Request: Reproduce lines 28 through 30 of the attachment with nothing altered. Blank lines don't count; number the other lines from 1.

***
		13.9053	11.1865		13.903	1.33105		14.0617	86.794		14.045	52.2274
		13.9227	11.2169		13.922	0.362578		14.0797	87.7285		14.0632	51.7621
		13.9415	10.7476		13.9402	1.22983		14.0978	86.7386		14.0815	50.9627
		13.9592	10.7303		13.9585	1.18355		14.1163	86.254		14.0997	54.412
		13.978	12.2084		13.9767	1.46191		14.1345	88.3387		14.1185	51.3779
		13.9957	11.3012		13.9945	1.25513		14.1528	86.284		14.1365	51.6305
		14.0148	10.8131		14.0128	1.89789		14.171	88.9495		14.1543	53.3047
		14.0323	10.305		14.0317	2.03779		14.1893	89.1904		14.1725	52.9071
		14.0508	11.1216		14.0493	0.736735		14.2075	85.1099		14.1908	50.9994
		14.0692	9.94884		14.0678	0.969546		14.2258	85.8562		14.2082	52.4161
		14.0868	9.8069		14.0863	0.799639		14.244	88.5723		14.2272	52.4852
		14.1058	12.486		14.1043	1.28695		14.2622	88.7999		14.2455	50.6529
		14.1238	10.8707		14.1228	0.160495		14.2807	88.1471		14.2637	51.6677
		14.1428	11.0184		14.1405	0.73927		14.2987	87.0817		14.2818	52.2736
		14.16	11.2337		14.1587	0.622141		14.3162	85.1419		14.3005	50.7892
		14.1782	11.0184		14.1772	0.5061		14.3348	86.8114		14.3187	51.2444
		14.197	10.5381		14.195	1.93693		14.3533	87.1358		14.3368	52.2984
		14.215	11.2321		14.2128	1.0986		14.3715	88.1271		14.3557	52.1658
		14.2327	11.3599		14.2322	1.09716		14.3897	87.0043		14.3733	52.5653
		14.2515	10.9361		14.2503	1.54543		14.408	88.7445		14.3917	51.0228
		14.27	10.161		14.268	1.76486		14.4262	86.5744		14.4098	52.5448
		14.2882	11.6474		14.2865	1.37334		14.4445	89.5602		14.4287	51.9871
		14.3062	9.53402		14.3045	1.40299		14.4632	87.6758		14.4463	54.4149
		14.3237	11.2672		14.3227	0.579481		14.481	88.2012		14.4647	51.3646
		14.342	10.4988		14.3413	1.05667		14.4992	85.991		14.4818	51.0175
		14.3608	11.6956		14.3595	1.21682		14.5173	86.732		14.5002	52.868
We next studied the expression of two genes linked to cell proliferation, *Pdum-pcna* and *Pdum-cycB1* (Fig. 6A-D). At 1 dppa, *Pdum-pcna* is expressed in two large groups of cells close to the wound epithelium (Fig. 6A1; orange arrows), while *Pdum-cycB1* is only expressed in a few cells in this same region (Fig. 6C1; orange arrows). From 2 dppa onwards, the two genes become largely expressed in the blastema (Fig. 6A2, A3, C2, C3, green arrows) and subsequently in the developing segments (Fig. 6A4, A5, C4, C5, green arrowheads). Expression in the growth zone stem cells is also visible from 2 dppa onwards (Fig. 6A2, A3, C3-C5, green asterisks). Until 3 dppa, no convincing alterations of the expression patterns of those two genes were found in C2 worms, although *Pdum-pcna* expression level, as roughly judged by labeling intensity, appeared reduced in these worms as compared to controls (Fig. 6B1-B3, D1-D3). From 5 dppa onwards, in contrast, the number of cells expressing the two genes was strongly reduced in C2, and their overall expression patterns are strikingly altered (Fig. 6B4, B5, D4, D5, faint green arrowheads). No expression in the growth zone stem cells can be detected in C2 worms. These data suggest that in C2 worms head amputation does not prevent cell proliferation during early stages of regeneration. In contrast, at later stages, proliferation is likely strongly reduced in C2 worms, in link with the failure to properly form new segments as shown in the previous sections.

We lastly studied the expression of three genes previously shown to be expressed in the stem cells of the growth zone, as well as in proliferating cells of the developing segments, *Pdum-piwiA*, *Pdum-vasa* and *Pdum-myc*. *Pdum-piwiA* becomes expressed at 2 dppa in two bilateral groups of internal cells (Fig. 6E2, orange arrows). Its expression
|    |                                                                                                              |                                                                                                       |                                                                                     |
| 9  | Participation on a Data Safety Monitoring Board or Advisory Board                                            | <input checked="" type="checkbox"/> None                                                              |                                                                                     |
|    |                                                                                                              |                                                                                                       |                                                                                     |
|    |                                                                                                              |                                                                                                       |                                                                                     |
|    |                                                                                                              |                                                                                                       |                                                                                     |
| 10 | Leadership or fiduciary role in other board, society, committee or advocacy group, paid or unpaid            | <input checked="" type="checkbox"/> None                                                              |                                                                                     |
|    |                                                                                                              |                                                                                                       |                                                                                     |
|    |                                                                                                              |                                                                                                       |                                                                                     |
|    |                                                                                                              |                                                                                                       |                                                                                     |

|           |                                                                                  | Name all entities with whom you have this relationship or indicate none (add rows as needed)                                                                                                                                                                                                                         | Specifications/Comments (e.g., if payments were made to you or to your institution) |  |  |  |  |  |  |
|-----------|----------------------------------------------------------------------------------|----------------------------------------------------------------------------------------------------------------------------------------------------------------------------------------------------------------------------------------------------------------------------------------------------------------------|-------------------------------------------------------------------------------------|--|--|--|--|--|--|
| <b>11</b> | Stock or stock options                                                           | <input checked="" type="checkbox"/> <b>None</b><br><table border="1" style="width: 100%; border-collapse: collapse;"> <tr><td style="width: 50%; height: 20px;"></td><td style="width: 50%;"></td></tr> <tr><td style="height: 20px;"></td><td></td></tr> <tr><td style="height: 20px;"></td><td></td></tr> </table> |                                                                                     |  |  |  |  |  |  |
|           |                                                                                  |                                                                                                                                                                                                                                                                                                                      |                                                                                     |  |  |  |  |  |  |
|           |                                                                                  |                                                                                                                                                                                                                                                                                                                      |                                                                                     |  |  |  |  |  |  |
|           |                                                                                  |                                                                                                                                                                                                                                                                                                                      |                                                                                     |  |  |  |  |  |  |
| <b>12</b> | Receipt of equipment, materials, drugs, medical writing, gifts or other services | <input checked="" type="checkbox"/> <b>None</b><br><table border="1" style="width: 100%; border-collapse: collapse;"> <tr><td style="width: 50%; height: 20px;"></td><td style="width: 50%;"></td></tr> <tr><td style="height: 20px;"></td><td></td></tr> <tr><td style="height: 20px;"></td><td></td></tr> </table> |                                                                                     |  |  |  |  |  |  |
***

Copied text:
We lastly studied the expression of three genes previously shown to be expressed in the stem cells of the growth zone, as well as in proliferating cells of the developing segments, *Pdum-piwiA*, *Pdum-vasa* and *Pdum-myc*. *Pdum-piwiA* becomes expressed at 2 dppa in two bilateral groups of internal cells (Fig. 6E2, orange arrows). Its expression
|    |                                                                                                              |                                                                                                       |                                                                                     |
| 9  | Participation on a Data Safety Monitoring Board or Advisory Board                                            | <input checked="" type="checkbox"/> None                                                              |                                                                                     |